Opinion: 'Obamagate' is the new birtherism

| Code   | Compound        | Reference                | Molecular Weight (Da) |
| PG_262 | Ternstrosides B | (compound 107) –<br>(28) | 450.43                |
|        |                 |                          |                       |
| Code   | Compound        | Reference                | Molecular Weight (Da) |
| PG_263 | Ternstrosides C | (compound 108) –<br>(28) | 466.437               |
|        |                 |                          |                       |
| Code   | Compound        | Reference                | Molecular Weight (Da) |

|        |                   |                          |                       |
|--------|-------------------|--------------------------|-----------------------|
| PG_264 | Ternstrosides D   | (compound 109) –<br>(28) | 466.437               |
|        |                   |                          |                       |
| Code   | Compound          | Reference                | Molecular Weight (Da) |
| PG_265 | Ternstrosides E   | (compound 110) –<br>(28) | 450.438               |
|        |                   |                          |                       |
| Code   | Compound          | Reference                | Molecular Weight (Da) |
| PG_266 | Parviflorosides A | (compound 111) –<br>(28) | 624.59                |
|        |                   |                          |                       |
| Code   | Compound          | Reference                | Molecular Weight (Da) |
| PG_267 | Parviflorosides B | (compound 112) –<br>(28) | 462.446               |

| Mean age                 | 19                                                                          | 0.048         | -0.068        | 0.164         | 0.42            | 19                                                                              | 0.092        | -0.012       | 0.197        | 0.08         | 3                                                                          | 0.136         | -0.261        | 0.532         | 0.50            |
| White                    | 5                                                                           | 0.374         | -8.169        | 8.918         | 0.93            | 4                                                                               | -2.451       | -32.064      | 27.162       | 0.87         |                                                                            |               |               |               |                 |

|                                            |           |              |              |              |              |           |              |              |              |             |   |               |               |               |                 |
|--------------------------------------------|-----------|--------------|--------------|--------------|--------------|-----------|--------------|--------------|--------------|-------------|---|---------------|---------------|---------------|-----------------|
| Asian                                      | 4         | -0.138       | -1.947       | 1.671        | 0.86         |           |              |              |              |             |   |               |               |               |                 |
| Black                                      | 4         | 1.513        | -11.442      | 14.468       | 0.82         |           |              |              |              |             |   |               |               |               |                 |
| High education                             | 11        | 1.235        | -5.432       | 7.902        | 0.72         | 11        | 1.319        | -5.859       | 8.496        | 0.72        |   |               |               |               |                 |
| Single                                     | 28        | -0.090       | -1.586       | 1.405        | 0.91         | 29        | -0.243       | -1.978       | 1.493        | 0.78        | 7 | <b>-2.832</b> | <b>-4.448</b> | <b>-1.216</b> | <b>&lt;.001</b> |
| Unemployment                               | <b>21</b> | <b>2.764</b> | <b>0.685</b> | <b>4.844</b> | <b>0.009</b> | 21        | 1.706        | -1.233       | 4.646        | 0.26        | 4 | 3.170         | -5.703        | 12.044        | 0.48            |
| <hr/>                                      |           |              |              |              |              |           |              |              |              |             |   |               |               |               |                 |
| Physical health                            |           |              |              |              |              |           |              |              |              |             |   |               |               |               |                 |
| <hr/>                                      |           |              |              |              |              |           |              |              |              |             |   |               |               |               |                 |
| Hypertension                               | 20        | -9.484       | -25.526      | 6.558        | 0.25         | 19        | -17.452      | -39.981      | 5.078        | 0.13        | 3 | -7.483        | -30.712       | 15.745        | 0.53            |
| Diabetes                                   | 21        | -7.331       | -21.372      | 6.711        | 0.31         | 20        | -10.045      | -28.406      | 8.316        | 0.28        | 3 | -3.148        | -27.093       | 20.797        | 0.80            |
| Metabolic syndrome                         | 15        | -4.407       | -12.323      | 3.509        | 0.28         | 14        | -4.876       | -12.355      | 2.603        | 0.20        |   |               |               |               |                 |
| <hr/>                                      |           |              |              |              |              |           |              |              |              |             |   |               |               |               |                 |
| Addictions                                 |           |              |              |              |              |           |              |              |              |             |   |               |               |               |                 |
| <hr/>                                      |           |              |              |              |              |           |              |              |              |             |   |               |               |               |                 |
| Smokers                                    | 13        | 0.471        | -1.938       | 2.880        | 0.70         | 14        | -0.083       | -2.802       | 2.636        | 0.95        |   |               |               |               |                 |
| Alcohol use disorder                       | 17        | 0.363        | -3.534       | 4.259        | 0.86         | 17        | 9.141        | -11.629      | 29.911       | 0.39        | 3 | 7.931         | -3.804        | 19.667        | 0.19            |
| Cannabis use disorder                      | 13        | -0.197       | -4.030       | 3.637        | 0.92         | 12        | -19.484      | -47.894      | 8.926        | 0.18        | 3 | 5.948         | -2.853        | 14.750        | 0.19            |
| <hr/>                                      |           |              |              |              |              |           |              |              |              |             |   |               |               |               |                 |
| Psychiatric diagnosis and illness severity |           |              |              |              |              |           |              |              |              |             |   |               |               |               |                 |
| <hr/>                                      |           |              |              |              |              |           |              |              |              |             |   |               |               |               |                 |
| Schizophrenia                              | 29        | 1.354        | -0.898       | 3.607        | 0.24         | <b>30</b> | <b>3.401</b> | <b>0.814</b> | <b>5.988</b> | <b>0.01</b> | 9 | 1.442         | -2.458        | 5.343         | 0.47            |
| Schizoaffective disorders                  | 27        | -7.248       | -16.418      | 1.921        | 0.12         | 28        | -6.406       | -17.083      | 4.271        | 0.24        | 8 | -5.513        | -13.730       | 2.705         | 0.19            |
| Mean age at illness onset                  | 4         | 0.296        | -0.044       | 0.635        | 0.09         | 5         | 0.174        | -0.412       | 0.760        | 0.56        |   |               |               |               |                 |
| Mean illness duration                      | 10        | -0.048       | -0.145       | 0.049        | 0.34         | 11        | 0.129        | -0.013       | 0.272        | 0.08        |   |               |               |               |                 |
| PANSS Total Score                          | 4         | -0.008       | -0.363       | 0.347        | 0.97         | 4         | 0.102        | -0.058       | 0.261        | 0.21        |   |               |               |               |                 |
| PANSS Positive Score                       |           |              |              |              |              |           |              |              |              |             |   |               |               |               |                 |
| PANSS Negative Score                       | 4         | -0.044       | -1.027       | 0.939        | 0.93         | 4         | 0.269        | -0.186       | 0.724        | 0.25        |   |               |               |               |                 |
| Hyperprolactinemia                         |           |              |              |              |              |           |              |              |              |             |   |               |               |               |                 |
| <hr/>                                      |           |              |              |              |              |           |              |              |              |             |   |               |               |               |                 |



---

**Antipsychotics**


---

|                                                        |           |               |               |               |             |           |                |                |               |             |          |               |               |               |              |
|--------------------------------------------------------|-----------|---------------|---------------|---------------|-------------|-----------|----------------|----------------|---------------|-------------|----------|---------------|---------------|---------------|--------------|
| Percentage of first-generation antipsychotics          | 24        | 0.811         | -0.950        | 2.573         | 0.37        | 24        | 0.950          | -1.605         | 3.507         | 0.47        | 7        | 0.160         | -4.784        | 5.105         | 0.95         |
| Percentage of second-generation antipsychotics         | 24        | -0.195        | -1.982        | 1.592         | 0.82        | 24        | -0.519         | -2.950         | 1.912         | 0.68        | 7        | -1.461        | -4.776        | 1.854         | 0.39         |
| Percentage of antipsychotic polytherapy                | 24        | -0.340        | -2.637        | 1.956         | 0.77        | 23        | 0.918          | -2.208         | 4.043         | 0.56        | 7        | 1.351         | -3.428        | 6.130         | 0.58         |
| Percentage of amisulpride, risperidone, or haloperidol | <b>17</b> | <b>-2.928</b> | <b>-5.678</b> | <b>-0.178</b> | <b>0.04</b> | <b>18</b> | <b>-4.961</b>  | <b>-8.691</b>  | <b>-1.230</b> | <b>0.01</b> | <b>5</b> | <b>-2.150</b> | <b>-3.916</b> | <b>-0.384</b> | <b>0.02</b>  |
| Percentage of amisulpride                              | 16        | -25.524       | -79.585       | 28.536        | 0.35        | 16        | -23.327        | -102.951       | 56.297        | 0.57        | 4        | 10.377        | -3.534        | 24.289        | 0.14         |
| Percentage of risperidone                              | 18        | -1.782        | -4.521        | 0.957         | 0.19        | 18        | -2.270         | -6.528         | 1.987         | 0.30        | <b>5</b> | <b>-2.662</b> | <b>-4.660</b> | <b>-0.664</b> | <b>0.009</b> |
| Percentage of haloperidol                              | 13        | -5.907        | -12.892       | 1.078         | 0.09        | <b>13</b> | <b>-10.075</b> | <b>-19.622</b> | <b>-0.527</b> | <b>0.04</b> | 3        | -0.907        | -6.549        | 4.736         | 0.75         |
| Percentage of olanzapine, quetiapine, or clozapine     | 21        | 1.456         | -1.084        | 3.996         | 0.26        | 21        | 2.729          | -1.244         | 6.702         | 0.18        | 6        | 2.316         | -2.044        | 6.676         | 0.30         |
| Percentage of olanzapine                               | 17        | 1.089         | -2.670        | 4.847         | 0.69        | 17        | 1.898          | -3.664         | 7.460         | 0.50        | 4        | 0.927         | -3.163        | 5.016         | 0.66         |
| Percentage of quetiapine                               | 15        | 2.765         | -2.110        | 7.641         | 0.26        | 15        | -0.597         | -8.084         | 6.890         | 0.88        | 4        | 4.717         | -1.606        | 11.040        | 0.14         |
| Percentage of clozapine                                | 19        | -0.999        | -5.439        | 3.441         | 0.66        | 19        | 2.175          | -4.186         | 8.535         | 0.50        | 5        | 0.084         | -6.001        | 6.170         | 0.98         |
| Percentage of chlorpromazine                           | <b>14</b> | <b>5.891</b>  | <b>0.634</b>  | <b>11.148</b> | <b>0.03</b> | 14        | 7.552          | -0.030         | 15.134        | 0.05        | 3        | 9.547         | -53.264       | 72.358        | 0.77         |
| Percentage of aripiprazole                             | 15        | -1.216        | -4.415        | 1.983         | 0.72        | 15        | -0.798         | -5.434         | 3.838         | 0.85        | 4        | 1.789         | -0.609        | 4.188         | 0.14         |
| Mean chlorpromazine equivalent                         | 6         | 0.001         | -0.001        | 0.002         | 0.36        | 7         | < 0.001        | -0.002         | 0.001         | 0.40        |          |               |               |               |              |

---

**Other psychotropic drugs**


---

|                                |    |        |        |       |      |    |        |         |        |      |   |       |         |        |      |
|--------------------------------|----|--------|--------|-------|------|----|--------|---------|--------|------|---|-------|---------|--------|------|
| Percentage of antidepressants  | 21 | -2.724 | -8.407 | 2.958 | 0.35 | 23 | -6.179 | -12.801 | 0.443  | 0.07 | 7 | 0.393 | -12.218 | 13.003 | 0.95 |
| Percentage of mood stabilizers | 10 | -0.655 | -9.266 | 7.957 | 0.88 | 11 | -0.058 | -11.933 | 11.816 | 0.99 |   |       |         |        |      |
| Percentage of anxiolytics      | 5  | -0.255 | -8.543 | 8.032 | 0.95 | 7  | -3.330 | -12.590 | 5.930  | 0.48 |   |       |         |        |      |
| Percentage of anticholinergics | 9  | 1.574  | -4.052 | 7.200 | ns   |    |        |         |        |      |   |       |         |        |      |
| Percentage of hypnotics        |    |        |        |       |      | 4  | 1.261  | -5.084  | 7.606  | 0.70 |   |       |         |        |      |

It is eerily reminiscent of the conspiracy theory Trump rode to political prominence a decade ago: birtherism. Birtherism was proof of concept that a more vulgar politics of white backlash could find a real audience in the GOP, evidence that the party was waiting to be captured by Trump’s longstanding brand of racial demagoguery. Throughout his presidency, Trump has positioned his predecessor as a nefarious plotter working to undermine the quest to Make America Great Again. These arguments, while not explicitly framed in terms of Obama’s skin color, reflect the way America’s racial caste system operates in polite society. Everyone knows using the n-word is unacceptable, but describing black people through stereotypes in media and everyday life remains commonplace. Because foreign-born individuals are not legally eligible for the presidency, it claimed, Obama’s victory was unlawful: The people were duped by a fake American. He masterminded a conspiracy to undermine Trump, who is the people’s “authentic” representative, and illegally coordinated the “deep state” in its counterattack on the duly elected president. In labeling Obama “foreign,” Trump positioned a black president as alien to the rightful and correct order of things in the United States. In labeling Obama “criminal,” he’s drawing on centuries of stereotyping of black people as criminals who need to be reined in by white authority figures. It signals to them that Trump could not stand the fact of this man’s presence in the office: the political equivalent of describing Obama as a “thug.” Conspiracy theories are by their nature impossible to disprove. The absence of evidence for the claim that Obama persecuted Flynn — a man who, to be clear, pleaded guilty to lying to the FBI — is no obstacle to Trump pursuing it. In a recent essay on birtherism, the Atlantic’s Adam Serwer describes it as not a sideshow to the Trump phenomenon but the center of it: Birtherism was a statement of values, a way to express allegiance to a particular notion of American identity, one that became the central theme of the Trump campaign itself: To Make America Great Again, to turn back the clock to an era where white political and cultural hegemony was unthreatened by black people, by immigrants, by people of a different faith. But in 2020, looking at the Trump administration’s efforts to diminish the power of minority voters, imprison child migrants, ban Muslim travelers from entering the country, and criminalize his political opposition, it could be more accurately described as the governing ideology of the United States.